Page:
University of Minnesota Driven to Discover
U of MNUniversity of Minnesota
Center for Transportation Studies

Programs & Labs

ITS Sensor Header

Spring 2007

Minnesota researchers add their expertise

Photo of traffic sensors near intersection

An experimental sensor installation at a rural highway intersection in western Wisconsin. Research partnerships with other states enabled researchers to gather data under a variety of intersection conditions.

Death waits at the crossroads. Intersections make up only a small part of the U.S. highway network, but intersection crashes comprise more than 30 percent of all vehicle crashes nationwide. In rural Minnesota, crash records show that approximately one-third of all crashes occur at intersections—and research has found that failure to select a safe gap in traffic is a factor in more than three-quarters of these incidents.

Researchers from the ITS Institute’s Intelligent Vehicles Lab, the HumanFIRST Program, and the Minnesota Department of Transportation recently announced their participation in the Cooperative Intersection Collision Avoicance Systems (CICAS) initiative, a new national research effort to develop technologies that will reduce intersection crashes. The Minnesota researchers will focus on infrastructure-based solutions.

In 2002, the ITS Institute began an ambitious research effort to develop infrastructure-based technologies capable of reducing driver error at unsignalized rural highway intersections where a high-speed rural expressway intersects a low-speed, low-volume rural road. Historically, installing a traffic signal has been seen as the only recourse in locations with high crash rates, but research has indicated that adding a traffic signal to rural highway intersections often brings a new set of safety problems as well as disrupting high-speed express traffic.

The Institute’s Intersection Decision Support (IDS) research has focused on giving drivers stopped on secondary roads better information about traffic approaching on the main road. Researchers led by Intelligent Vehicles Laboratory director Craig Shankwitz have designed a sensor network that can track approaching vehicles and determine if gaps between them will be sufficient for a stopped vehicle to safely enter or cross the highway. Nic Ward, director of the HumanFIRST Program in human factors engineering, has led other researchers developing electronic signage that effectively communicates critical information to motorists. The ITS Institute has also taken the IDS concept beyond Minnesota’s borders, through a pooled-fund partnership with other state departments of transportation.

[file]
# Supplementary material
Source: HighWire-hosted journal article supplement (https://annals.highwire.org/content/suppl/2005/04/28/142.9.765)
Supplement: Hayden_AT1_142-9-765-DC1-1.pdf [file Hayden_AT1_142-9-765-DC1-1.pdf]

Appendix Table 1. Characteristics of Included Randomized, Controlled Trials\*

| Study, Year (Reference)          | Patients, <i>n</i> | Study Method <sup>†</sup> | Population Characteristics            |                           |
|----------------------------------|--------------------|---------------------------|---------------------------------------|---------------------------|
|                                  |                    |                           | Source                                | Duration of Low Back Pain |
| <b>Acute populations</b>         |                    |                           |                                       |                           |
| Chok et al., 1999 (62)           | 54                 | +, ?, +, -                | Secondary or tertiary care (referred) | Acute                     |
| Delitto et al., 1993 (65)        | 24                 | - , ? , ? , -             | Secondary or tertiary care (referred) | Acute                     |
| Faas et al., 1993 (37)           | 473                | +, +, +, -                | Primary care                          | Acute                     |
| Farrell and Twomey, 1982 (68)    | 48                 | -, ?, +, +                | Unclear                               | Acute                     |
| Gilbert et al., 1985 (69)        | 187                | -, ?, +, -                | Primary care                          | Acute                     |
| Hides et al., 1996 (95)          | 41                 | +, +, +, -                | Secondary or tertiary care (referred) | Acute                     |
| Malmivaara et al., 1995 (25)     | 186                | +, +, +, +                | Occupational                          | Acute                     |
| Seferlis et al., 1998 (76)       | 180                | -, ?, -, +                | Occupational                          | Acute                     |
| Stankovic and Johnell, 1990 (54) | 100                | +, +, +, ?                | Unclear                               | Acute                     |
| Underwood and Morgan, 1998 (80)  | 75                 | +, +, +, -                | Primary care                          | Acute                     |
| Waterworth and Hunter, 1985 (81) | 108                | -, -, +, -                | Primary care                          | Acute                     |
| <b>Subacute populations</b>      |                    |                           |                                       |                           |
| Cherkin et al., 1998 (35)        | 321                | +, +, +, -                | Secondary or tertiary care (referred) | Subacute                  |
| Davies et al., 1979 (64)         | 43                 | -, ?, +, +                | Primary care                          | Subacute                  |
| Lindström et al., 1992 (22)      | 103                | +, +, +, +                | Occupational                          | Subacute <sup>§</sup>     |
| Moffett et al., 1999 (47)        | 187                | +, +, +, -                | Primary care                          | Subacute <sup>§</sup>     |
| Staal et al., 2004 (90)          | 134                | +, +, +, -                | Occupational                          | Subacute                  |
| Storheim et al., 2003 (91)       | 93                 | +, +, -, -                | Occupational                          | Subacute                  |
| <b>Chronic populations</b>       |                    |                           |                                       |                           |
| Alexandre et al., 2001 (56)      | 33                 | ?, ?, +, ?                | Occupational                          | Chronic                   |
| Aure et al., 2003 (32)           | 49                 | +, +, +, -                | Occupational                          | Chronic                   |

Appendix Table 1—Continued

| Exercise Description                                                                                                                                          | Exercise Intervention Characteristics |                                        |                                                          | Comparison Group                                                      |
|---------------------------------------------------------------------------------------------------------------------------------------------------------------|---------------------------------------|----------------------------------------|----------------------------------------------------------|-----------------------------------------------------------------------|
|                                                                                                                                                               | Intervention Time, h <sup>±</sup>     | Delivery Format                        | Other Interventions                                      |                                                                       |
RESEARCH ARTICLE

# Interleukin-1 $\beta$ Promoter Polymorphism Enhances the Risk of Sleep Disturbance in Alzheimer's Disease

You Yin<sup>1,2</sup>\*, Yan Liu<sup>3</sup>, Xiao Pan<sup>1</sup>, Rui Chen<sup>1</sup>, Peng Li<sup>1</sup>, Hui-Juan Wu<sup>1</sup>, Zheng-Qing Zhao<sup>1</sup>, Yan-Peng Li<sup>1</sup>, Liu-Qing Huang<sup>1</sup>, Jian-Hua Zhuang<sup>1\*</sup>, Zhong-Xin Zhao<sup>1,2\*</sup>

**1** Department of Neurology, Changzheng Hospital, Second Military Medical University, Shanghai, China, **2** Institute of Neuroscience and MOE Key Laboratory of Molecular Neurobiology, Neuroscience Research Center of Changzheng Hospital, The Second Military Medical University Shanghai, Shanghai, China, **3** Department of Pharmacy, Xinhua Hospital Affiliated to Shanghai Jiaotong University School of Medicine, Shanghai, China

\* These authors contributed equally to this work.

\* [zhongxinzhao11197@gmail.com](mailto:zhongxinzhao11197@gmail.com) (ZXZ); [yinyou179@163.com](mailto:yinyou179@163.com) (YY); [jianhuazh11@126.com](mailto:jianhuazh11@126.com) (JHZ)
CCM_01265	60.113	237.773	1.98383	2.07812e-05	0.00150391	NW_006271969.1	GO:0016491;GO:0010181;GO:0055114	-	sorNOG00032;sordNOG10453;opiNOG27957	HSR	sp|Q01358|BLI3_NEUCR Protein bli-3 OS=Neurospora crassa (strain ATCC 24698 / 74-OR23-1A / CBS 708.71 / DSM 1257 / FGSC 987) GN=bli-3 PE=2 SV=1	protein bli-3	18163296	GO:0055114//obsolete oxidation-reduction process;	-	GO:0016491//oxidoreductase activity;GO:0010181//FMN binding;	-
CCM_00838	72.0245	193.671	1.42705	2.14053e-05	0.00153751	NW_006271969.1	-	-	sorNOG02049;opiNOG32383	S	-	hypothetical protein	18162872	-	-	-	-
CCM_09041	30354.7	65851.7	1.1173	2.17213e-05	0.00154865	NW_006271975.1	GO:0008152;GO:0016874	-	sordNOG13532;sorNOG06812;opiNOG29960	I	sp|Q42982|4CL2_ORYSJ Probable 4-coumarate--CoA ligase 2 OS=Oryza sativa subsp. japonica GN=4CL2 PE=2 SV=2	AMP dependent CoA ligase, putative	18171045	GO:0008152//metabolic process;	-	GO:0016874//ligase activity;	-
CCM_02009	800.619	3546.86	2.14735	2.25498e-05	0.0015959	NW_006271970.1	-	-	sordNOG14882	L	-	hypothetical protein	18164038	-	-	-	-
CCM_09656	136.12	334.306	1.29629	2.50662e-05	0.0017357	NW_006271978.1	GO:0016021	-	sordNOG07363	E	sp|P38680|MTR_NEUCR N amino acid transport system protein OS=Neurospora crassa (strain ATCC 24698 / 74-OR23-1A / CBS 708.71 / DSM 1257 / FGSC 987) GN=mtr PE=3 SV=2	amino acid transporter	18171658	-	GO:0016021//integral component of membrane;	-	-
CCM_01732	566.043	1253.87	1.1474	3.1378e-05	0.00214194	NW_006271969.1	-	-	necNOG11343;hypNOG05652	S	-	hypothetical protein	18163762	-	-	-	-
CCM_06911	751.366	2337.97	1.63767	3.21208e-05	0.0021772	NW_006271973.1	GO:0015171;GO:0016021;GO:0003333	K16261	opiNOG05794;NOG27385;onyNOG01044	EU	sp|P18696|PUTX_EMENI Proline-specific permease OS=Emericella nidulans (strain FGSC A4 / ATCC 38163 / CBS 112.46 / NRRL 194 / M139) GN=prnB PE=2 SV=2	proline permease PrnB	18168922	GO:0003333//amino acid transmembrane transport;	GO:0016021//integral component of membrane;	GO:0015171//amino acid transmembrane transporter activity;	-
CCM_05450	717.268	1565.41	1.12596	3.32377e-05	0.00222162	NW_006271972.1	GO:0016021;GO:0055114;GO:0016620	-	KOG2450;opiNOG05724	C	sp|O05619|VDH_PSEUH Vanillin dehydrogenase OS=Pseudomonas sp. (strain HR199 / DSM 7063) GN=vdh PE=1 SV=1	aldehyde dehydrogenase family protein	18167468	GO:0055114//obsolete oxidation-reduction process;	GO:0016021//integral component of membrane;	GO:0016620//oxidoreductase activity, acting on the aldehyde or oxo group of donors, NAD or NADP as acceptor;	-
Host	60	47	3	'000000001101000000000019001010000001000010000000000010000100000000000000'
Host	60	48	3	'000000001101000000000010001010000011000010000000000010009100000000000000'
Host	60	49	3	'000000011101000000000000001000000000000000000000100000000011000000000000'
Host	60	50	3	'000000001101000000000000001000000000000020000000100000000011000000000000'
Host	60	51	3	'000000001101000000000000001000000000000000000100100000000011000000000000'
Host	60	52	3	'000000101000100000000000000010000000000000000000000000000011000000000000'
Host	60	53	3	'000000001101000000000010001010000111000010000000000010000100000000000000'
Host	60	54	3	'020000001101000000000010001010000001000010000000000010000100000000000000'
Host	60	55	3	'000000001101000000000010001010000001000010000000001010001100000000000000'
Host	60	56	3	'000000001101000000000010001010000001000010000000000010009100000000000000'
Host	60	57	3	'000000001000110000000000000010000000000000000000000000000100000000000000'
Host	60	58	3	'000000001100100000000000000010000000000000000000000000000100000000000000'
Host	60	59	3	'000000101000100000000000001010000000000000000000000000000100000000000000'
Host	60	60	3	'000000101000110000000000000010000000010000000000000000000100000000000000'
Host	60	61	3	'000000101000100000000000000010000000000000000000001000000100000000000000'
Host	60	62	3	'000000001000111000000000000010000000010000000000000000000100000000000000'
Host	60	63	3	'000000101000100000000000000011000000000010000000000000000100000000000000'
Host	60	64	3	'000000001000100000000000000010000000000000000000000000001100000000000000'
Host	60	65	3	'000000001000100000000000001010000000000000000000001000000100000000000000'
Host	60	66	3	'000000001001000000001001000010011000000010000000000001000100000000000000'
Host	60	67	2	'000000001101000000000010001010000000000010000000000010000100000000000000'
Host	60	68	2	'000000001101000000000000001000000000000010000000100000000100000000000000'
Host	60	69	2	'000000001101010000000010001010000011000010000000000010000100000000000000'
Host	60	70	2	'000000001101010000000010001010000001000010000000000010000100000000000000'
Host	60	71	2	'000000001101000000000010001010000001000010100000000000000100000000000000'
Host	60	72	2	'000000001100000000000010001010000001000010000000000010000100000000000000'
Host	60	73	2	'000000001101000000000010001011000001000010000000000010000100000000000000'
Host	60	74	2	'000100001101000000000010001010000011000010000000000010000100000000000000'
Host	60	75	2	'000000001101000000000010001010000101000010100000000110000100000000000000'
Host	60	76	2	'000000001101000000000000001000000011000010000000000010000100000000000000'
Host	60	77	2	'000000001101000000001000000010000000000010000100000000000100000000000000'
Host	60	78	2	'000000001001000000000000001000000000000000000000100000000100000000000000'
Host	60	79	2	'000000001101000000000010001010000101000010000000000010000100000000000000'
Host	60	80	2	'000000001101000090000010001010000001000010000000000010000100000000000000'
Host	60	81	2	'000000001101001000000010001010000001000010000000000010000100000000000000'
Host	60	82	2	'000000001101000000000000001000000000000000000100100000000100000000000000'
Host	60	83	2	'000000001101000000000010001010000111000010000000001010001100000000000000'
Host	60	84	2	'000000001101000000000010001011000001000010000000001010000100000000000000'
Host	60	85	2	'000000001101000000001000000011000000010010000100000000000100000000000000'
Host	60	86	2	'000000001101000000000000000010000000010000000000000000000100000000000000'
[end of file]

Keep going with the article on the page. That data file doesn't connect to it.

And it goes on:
In the past two years, IDS research has accomplished several important research goals that will contribute to CICAS research, including:

  • developing advanced traffic sensor networks
  • developing an advanced vehicle trajectory measurement and recording system
  • studying driver gap acceptance behavior on a microscopic level using traffic simulation
  • testing new active displays in a driving simulator to determine what information a driver needs to safely maneuver through rural unsignalized intersections

Max Donath, director of the ITS Institute, says that participation in CICAS is a direct outgrowth of the IDS research program.

“We see this as a tremendous opportunity to build on what our researchers have accomplished in the areas of sensing and driver interface design,” Donath said. “Making vehicle-based and infrastructure-based systems work together smoothly is a challenge, but the potential payoff in terms of road safety is enormous.”

The USDOT describes CICAS as a “cooperative” system, meaning it integrates data from both vehicle-based and infrastructure-based sensing systems via the newly allocated Dedicated Short-Range Communications (DSRC) portion of the radio spectrum. Warning display systems using these data are to be developed for both in-vehicle and outside-the-vehicle placement.

Although Minnesota’s research will focus on infrastructure-based solutions, the ability to receive data directly from vehicles opens up new possibilities. For example, commercial trucks require more time for starting and stopping than passenger cars; a system that knows the size and configuration of approaching vehicles, or relevant information about the driver, would be able to tailor its responses in order to help each driver find a safe gap in traffic. Alternatively, DSRC might make it possible to shift the computation of safe gap sizes to a computer on board the vehicle itself, thereby avoiding any need to transmit data about the vehicle and driver.

Minnesota’s CICAS research, expected to last five years, will include four main components:

  1. A microscopic, in-vehicle measurement of driver gap acceptance at an instrumented intersection
  2. Alert and warning algorithms to be used to appropriately inform drivers of dangerous conditions in a timely manner
  3. A deployable sensor system used both to compute the dynamic “state” of the intersection, and to feed the alert and warning algorithms necessary data
  4. A field validation and subsequent field operational test to quantify the performance and safety benefits of such systems

The field operational test will take place at a site in southern Minnesota’s Goodhue County that has been specially instrumented for IDS research. A group of study participants will be selected to test the system under real-world conditions, using prototype driver-assistive systems installed in their vehicles.